I am reminded if the wisdom of that great saint who has gone before us, A.W. Tozer, as he wrote on brokenness. Consider these words:  God rescues us by breaking us, by shattering our strength and wiping out our resistance.”  Or pause and contemplate on this truth . . . “It is doubtful whether God can bless a man greatly until he has hurt him deeply.” In Tozer’s book, The Root of the Righteous, he makes the following profound statement: “The flaming desire to be rid of every unholy thing and to put on the likeness of Christ at any cost is not often found among us. We expect to enter the everlasting kingdom of our Father and to sit down around the table with sages, saints and martyrs; and through the grace of God, maybe we shall; yes maybe we shall. But for the most of us it could prove at first an embarrassing experience. Ours might be the silence of the untried soldier in the presence of the battle-hardened heroes who have fought the fight and won the victory and who have scars to prove that they were present when the battle was joined.

Do we really consider standing before the Lord on that day when our actions, our words, our obedience, our heart for God and others will be reviewed?  Just Jesus and me?  Just Jesus and you? Will we be found to have lived our lives largely in our old sinful nature – even as we served in the church – or will that precious grace that covered us, that same sweet mercy that was extended inhabit and motivate the things we did in Jesus name?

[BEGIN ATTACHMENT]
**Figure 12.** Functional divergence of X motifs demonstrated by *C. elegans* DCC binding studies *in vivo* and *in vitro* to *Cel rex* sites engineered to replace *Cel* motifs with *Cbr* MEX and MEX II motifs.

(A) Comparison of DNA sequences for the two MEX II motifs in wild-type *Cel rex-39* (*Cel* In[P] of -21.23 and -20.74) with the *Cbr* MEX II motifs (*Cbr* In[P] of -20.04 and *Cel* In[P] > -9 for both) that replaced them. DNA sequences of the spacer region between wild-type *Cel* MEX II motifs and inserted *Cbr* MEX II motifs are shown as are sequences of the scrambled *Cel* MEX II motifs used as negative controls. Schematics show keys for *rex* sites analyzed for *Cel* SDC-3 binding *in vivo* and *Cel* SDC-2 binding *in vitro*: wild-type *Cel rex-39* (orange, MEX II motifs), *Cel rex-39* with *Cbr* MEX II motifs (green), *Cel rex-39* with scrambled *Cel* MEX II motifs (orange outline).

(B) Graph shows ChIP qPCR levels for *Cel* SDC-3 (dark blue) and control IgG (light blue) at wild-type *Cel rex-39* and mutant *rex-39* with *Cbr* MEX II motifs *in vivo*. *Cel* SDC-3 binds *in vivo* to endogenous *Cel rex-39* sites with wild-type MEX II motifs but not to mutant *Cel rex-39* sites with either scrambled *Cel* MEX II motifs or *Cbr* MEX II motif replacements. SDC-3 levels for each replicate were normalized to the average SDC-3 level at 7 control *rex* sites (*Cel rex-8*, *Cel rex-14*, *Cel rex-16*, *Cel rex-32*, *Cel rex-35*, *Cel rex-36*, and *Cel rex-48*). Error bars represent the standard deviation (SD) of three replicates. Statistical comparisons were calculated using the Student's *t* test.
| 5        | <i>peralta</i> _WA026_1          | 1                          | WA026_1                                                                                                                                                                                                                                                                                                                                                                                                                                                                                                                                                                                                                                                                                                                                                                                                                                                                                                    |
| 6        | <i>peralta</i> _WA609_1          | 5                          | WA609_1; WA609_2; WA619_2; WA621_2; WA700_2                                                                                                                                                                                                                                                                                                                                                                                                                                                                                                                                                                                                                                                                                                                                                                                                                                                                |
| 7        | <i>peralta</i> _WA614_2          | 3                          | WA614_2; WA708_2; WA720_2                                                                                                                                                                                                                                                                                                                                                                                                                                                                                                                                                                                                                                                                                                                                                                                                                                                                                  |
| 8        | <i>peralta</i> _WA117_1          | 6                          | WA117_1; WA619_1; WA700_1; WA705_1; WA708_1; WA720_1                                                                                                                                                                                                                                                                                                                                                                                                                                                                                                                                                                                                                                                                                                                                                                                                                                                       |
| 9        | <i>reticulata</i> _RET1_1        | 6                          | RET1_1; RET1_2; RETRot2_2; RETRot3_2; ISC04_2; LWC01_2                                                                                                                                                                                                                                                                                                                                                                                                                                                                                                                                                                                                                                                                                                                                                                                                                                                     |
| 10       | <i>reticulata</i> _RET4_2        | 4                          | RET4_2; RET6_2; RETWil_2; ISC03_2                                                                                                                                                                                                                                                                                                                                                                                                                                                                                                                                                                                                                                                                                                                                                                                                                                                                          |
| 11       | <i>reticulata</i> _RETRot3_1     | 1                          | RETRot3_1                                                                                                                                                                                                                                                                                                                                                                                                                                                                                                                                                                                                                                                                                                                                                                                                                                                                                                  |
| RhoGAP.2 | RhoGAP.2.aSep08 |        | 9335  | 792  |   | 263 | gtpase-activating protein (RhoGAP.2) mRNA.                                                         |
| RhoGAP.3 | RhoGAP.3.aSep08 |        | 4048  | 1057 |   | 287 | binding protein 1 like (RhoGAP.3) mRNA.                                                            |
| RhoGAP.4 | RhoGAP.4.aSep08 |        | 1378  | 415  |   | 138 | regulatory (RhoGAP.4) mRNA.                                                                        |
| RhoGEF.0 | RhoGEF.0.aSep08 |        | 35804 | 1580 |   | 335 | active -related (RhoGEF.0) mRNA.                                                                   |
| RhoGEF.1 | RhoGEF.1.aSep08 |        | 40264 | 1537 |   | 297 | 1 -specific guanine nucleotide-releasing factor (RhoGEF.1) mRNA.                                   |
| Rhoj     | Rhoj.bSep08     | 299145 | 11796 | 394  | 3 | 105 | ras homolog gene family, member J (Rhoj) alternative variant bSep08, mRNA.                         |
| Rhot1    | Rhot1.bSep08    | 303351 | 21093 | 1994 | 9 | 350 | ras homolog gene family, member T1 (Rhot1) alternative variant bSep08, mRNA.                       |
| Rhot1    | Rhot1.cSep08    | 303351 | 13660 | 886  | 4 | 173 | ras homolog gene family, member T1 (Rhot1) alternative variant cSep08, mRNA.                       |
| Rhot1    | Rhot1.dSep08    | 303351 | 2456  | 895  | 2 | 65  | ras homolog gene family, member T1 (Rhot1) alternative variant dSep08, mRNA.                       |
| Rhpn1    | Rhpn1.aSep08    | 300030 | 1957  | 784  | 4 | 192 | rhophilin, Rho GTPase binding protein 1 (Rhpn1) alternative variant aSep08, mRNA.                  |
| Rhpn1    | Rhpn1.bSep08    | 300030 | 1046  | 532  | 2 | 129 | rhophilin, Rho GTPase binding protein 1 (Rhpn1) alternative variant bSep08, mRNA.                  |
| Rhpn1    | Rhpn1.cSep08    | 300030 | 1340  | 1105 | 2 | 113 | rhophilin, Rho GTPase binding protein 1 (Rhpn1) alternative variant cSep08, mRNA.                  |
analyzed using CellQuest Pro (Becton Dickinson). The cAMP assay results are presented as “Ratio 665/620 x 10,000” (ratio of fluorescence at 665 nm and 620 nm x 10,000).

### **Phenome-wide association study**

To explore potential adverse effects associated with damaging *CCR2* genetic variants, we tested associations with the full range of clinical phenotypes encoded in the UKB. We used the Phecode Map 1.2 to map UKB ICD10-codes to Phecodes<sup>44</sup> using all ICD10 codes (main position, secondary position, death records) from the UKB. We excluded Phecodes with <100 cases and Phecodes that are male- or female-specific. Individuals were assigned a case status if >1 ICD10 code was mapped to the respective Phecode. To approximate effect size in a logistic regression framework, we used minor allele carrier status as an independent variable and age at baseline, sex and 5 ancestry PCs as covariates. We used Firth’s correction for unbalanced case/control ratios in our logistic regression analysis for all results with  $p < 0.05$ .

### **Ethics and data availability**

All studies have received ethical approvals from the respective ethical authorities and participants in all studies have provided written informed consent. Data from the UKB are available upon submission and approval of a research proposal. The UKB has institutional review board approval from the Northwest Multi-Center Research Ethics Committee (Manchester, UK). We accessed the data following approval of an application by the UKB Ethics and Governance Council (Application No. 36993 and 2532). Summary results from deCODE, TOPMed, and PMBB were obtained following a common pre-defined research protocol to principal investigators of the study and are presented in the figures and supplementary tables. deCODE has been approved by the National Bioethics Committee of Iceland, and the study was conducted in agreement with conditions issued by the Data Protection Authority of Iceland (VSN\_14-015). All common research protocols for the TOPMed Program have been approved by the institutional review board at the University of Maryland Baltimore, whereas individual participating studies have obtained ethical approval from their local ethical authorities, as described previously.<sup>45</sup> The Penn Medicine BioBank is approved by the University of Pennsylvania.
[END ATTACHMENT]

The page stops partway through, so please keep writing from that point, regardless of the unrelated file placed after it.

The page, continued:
It appears to me that as we pledge to serve God, as we lead and as we disciple . . we must pledge to be great servants of God. We must put on Christ and His sufferings.  We must be in submission to God, Is He our authority?  Am I asking Him to lead?  Do I wait to hear His direction?  Any attempts that we make to control, to confiscate, to occupy what is rightly earned by us is total folly. They only hinder God’s work among us and darken the lamp of Christ in us that should be shining to those who don’t know Him. Do we truly understand that our lives have eternal impact?

 
 
Let us seek God as we’ve never sought Him before. Let us forgive whether or not our anger may appear to be justified. Let us choose to love even those who are hard to love. We must always remember that great grace that was extended to us.  And if we have never been broken . . . let us be prepared, because there is a work that God is doing in our midst. And what God has purposed, He will complete!  Let us get back to the basics of our faith.  Let us cling to Jesus in the context of His Word and not to an idol that we have created within our own imaginations. Let us be real. Help us Lord.  Amen!